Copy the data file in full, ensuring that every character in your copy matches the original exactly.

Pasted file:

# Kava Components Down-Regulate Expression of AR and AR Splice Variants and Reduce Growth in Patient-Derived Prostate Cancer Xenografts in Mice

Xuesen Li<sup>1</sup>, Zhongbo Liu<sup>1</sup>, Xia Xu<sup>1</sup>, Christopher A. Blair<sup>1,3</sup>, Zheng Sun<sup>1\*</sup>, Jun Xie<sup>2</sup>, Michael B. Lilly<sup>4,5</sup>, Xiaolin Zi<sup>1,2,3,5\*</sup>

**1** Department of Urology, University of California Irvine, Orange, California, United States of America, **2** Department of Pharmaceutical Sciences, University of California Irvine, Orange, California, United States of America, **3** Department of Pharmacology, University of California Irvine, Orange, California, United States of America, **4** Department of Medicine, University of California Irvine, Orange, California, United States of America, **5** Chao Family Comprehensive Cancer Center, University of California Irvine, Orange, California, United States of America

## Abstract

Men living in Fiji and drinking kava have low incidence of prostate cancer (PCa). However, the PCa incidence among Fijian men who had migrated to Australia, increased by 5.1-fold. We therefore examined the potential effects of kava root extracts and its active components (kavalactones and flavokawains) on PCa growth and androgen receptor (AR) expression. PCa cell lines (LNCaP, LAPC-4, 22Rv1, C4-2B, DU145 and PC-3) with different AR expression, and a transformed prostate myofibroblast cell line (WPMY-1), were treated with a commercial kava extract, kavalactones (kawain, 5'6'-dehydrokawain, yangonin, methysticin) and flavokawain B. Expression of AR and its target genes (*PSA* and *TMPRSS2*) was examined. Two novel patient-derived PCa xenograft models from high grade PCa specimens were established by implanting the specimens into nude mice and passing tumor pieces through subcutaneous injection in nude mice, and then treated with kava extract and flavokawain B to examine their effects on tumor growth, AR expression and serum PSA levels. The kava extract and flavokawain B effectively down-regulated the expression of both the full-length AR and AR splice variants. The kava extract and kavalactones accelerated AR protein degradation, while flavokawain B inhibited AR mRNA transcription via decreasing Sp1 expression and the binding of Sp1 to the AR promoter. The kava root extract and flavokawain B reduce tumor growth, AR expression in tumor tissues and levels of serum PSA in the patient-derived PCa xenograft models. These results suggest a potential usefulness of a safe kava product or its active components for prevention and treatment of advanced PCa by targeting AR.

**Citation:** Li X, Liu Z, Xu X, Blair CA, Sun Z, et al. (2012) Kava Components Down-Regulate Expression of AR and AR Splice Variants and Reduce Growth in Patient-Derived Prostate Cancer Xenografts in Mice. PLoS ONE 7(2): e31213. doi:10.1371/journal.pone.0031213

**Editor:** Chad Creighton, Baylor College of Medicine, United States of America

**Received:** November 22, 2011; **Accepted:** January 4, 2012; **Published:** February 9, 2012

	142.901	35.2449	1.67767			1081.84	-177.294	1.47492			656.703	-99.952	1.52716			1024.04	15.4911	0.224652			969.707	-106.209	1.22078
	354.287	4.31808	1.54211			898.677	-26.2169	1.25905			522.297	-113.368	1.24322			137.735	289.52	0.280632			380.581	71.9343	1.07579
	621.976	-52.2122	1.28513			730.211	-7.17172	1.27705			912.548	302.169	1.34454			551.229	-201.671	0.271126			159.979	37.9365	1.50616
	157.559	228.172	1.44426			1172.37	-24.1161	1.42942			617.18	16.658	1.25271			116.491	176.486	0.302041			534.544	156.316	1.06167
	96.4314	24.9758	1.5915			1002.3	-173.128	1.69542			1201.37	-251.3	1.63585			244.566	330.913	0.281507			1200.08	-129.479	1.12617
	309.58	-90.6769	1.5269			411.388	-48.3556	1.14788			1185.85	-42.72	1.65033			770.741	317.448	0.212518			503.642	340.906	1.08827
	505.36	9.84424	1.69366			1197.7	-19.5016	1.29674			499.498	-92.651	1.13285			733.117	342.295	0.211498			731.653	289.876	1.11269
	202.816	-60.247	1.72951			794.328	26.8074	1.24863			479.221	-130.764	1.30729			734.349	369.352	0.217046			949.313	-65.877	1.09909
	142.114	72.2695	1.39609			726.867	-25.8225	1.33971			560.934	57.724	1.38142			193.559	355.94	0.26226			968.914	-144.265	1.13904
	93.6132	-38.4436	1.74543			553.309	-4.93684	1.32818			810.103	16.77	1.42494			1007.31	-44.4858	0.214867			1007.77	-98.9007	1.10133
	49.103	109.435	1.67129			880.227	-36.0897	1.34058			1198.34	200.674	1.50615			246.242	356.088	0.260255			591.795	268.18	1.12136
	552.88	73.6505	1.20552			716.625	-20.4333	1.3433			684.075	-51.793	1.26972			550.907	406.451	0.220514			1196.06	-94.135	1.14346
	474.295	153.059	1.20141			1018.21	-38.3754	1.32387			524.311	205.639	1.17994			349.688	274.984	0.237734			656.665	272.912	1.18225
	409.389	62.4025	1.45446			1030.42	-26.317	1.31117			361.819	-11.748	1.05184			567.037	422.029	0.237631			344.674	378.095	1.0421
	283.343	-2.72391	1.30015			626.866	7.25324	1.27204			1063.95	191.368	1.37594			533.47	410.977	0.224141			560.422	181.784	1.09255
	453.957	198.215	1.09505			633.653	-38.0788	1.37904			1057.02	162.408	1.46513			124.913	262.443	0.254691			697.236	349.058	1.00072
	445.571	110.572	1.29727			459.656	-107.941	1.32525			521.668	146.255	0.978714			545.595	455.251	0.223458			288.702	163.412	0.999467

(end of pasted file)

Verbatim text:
# Kava Components Down-Regulate Expression of AR and AR Splice Variants and Reduce Growth in Patient-Derived Prostate Cancer Xenografts in Mice

Xuesen Li<sup>1</sup>, Zhongbo Liu<sup>1</sup>, Xia Xu<sup>1</sup>, Christopher A. Blair<sup>1,3</sup>, Zheng Sun<sup>1\*</sup>, Jun Xie<sup>2</sup>, Michael B. Lilly<sup>4,5</sup>, Xiaolin Zi<sup>1,2,3,5\*</sup>

**1** Department of Urology, University of California Irvine, Orange, California, United States of America, **2** Department of Pharmaceutical Sciences, University of California Irvine, Orange, California, United States of America, **3** Department of Pharmacology, University of California Irvine, Orange, California, United States of America, **4** Department of Medicine, University of California Irvine, Orange, California, United States of America, **5** Chao Family Comprehensive Cancer Center, University of California Irvine, Orange, California, United States of America

## Abstract

Men living in Fiji and drinking kava have low incidence of prostate cancer (PCa). However, the PCa incidence among Fijian men who had migrated to Australia, increased by 5.1-fold. We therefore examined the potential effects of kava root extracts and its active components (kavalactones and flavokawains) on PCa growth and androgen receptor (AR) expression. PCa cell lines (LNCaP, LAPC-4, 22Rv1, C4-2B, DU145 and PC-3) with different AR expression, and a transformed prostate myofibroblast cell line (WPMY-1), were treated with a commercial kava extract, kavalactones (kawain, 5'6'-dehydrokawain, yangonin, methysticin) and flavokawain B. Expression of AR and its target genes (*PSA* and *TMPRSS2*) was examined. Two novel patient-derived PCa xenograft models from high grade PCa specimens were established by implanting the specimens into nude mice and passing tumor pieces through subcutaneous injection in nude mice, and then treated with kava extract and flavokawain B to examine their effects on tumor growth, AR expression and serum PSA levels. The kava extract and flavokawain B effectively down-regulated the expression of both the full-length AR and AR splice variants. The kava extract and kavalactones accelerated AR protein degradation, while flavokawain B inhibited AR mRNA transcription via decreasing Sp1 expression and the binding of Sp1 to the AR promoter. The kava root extract and flavokawain B reduce tumor growth, AR expression in tumor tissues and levels of serum PSA in the patient-derived PCa xenograft models. These results suggest a potential usefulness of a safe kava product or its active components for prevention and treatment of advanced PCa by targeting AR.

**Citation:** Li X, Liu Z, Xu X, Blair CA, Sun Z, et al. (2012) Kava Components Down-Regulate Expression of AR and AR Splice Variants and Reduce Growth in Patient-Derived Prostate Cancer Xenografts in Mice. PLoS ONE 7(2): e31213. doi:10.1371/journal.pone.0031213

**Editor:** Chad Creighton, Baylor College of Medicine, United States of America

**Received:** November 22, 2011; **Accepted:** January 4, 2012; **Published:** February 9, 2012

	142.901	35.2449	1.67767			1081.84	-177.294	1.47492			656.703	-99.952	1.52716			1024.04	15.4911	0.224652			969.707	-106.209	1.22078
	354.287	4.31808	1.54211			898.677	-26.2169	1.25905			522.297	-113.368	1.24322			137.735	289.52	0.280632			380.581	71.9343	1.07579
	621.976	-52.2122	1.28513			730.211	-7.17172	1.27705			912.548	302.169	1.34454			551.229	-201.671	0.271126			159.979	37.9365	1.50616
	157.559	228.172	1.44426			1172.37	-24.1161	1.42942			617.18	16.658	1.25271			116.491	176.486	0.302041			534.544	156.316	1.06167
	96.4314	24.9758	1.5915			1002.3	-173.128	1.69542			1201.37	-251.3	1.63585			244.566	330.913	0.281507			1200.08	-129.479	1.12617
	309.58	-90.6769	1.5269			411.388	-48.3556	1.14788			1185.85	-42.72	1.65033			770.741	317.448	0.212518			503.642	340.906	1.08827
	505.36	9.84424	1.69366			1197.7	-19.5016	1.29674			499.498	-92.651	1.13285			733.117	342.295	0.211498			731.653	289.876	1.11269
	202.816	-60.247	1.72951			794.328	26.8074	1.24863			479.221	-130.764	1.30729			734.349	369.352	0.217046			949.313	-65.877	1.09909
	142.114	72.2695	1.39609			726.867	-25.8225	1.33971			560.934	57.724	1.38142			193.559	355.94	0.26226			968.914	-144.265	1.13904
	93.6132	-38.4436	1.74543			553.309	-4.93684	1.32818			810.103	16.77	1.42494			1007.31	-44.4858	0.214867			1007.77	-98.9007	1.10133
	49.103	109.435	1.67129			880.227	-36.0897	1.34058			1198.34	200.674	1.50615			246.242	356.088	0.260255			591.795	268.18	1.12136
	552.88	73.6505	1.20552			716.625	-20.4333	1.3433			684.075	-51.793	1.26972			550.907	406.451	0.220514			1196.06	-94.135	1.14346
	474.295	153.059	1.20141			1018.21	-38.3754	1.32387			524.311	205.639	1.17994			349.688	274.984	0.237734			656.665	272.912	1.18225
	409.389	62.4025	1.45446			1030.42	-26.317	1.31117			361.819	-11.748	1.05184			567.037	422.029	0.237631			344.674	378.095	1.0421
	283.343	-2.72391	1.30015			626.866	7.25324	1.27204			1063.95	191.368	1.37594			533.47	410.977	0.224141			560.422	181.784	1.09255
	453.957	198.215	1.09505			633.653	-38.0788	1.37904			1057.02	162.408	1.46513			124.913	262.443	0.254691			697.236	349.058	1.00072
	445.571	110.572	1.29727			459.656	-107.941	1.32525			521.668	146.255	0.978714			545.595	455.251	0.223458			288.702	163.412	0.999467